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In any case I don't think we're in any real disagreement!
fallopiancrusader at 7:33AM, July 27, 2015
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I have a pet peeve that's slightly similar to Bravo1102's, and it has to do with architecture and the decorative arts. The deisgners of most fantasy-genre worlds in movies and games make an immediate bee-line for medieval European architecture and folk art, even though they have the opportunity to design whatever they want. Indeed, if it's an imaginary world we are creating, it should have uniquely designed buildings, designs, art, and technology. All of these things will appear on the page/screen, and can't be ignored.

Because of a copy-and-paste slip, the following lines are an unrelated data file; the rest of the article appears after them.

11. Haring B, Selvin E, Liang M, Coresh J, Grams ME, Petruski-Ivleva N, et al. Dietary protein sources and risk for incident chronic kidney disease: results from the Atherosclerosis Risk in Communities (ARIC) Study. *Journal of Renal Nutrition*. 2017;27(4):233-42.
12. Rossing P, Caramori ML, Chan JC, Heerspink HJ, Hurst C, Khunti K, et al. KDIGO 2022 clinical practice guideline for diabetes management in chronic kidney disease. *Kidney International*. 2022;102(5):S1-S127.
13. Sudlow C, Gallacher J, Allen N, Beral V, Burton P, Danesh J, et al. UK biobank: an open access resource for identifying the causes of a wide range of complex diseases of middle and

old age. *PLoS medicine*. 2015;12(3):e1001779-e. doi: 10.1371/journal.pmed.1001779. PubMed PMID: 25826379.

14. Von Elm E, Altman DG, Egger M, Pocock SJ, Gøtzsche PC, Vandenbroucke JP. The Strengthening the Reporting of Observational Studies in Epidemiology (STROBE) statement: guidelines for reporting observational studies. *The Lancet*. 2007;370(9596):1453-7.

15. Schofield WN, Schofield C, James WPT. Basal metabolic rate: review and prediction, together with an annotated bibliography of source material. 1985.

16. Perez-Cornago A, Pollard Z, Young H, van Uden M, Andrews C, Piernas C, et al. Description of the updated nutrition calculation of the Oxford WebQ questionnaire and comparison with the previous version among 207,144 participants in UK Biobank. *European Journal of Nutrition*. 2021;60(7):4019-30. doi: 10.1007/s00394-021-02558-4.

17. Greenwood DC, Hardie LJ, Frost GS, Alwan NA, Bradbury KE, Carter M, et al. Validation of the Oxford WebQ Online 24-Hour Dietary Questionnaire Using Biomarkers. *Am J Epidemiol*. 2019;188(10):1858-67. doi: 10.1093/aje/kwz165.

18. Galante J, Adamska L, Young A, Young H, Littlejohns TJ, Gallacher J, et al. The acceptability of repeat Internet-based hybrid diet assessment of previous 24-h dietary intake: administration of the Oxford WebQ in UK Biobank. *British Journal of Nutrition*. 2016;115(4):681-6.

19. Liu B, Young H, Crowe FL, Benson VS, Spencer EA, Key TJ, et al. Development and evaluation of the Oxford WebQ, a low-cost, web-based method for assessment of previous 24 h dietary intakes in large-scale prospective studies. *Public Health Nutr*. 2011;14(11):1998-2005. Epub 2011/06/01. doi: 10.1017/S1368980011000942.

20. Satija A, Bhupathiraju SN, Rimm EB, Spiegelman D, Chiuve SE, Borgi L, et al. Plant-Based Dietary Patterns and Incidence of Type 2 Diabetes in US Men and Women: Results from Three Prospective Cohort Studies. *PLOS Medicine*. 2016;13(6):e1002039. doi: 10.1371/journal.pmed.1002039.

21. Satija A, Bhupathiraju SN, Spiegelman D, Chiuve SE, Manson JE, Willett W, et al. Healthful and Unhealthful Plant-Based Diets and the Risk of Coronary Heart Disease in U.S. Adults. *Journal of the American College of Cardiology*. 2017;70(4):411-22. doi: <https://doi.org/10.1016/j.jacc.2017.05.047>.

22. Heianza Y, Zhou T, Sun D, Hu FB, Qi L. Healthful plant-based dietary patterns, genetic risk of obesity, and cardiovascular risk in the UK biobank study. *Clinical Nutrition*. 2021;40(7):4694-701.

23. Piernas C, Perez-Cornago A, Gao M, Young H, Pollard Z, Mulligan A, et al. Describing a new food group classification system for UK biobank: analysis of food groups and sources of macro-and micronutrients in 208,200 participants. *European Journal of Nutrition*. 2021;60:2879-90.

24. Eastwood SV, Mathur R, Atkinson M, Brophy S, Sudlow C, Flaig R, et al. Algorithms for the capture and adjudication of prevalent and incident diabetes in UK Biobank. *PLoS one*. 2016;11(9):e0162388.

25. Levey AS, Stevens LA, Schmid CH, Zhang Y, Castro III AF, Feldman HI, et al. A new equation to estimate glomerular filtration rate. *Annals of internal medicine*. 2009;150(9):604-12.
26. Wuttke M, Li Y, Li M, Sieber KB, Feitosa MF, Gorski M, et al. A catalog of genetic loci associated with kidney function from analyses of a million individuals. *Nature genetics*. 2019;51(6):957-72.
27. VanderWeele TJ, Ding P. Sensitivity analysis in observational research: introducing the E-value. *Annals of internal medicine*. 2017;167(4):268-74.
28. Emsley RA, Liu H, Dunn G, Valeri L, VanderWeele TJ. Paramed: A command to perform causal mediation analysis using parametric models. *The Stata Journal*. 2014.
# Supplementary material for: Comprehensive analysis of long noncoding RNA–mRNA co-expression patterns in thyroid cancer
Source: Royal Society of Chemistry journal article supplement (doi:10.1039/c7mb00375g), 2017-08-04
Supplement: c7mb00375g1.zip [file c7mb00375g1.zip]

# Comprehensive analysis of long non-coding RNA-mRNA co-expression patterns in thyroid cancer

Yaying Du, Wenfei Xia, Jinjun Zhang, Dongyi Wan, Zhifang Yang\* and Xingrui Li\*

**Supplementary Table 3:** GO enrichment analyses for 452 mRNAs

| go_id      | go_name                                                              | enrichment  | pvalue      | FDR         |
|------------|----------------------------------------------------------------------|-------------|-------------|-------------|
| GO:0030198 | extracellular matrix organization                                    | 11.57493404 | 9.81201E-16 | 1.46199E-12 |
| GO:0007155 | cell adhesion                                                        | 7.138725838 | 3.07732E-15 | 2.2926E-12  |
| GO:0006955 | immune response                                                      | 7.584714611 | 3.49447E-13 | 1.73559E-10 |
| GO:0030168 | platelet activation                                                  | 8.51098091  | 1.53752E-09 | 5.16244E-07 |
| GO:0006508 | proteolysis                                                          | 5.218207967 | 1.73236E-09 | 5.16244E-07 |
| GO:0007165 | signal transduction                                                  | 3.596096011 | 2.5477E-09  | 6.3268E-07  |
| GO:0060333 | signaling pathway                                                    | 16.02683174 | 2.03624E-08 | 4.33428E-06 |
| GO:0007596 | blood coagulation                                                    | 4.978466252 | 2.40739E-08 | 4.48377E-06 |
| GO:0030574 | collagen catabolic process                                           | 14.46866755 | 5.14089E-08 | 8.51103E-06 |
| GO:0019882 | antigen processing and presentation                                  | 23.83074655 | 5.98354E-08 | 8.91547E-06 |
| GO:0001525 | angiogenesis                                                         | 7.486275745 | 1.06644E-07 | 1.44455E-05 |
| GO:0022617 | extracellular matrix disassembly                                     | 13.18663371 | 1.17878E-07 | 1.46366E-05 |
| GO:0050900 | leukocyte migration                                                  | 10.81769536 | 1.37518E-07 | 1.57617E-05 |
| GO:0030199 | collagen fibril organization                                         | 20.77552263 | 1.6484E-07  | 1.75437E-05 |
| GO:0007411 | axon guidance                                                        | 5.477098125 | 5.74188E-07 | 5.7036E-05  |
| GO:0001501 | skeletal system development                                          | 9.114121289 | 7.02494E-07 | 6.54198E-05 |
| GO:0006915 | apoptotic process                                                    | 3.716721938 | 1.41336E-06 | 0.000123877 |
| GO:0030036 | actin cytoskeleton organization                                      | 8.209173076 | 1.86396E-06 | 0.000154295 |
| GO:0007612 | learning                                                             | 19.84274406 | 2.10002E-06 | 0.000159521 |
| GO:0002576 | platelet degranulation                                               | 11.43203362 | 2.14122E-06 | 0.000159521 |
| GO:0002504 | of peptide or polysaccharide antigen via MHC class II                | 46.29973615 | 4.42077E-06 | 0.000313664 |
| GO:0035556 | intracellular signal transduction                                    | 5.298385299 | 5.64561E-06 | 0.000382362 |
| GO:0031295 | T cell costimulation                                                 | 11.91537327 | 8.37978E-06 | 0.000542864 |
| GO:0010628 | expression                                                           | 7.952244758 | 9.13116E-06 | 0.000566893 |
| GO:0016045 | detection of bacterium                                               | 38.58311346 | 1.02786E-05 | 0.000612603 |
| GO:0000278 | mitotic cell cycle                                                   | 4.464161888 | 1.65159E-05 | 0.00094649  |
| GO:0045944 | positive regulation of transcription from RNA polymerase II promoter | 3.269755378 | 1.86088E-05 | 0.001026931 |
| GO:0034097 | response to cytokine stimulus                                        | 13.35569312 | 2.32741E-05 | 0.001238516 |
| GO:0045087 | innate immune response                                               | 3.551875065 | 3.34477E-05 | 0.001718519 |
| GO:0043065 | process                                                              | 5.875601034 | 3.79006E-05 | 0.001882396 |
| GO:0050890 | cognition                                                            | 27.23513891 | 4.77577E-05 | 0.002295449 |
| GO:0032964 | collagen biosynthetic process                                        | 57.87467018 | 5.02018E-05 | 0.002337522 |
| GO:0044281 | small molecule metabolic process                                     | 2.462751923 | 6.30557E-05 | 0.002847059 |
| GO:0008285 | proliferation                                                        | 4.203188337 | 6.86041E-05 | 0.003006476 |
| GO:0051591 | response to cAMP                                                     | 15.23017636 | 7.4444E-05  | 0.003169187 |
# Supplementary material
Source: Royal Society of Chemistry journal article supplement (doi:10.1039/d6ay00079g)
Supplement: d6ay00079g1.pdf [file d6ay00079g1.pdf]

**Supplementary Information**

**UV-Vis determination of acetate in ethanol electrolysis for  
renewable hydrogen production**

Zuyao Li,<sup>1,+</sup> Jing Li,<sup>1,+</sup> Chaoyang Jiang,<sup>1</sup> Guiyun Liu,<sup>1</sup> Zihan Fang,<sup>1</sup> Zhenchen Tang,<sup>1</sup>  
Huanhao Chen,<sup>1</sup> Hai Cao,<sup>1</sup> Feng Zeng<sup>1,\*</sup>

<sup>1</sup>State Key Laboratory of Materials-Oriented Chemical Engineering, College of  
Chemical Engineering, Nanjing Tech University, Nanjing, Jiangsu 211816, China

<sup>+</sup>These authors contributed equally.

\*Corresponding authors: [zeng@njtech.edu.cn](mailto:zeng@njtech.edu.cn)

In science-fiction, the vernacular for what is a “Futuristic” look hasn't changed since “Star Wars,” and that movie came out 38 years ago! Many actual buildings being built today are more “Futuristic” looking than what we see in science fiction movies. Just look at Zaha Hadid's architecture for one example among many. Many producers of sci-fi movies and games seem to be caught in the past, not the future.

In the “Lord of the Rings” movies, most of the buildings were Romanesque or Gothic designs. The Elvish decorative arts were very Art Nouveau. I understand that there is an issue with accessability, and you can't go out into completely pshychedelic territory: Most audiences would be alienated if Minas Tirith were made entirely of soap-bubbles. I just wish designers would push the boundaries a bit more often.

Of course, there are exceptions. David Lynch's “Dune” and Rene Laloux's “Fantastic Planet” come to mind. Comics frequently deliver much more strongly on the promise of design originality, because the risks are lower and there are no budget concerns. “Dead Fingers” and “The Cull” are good examples of this.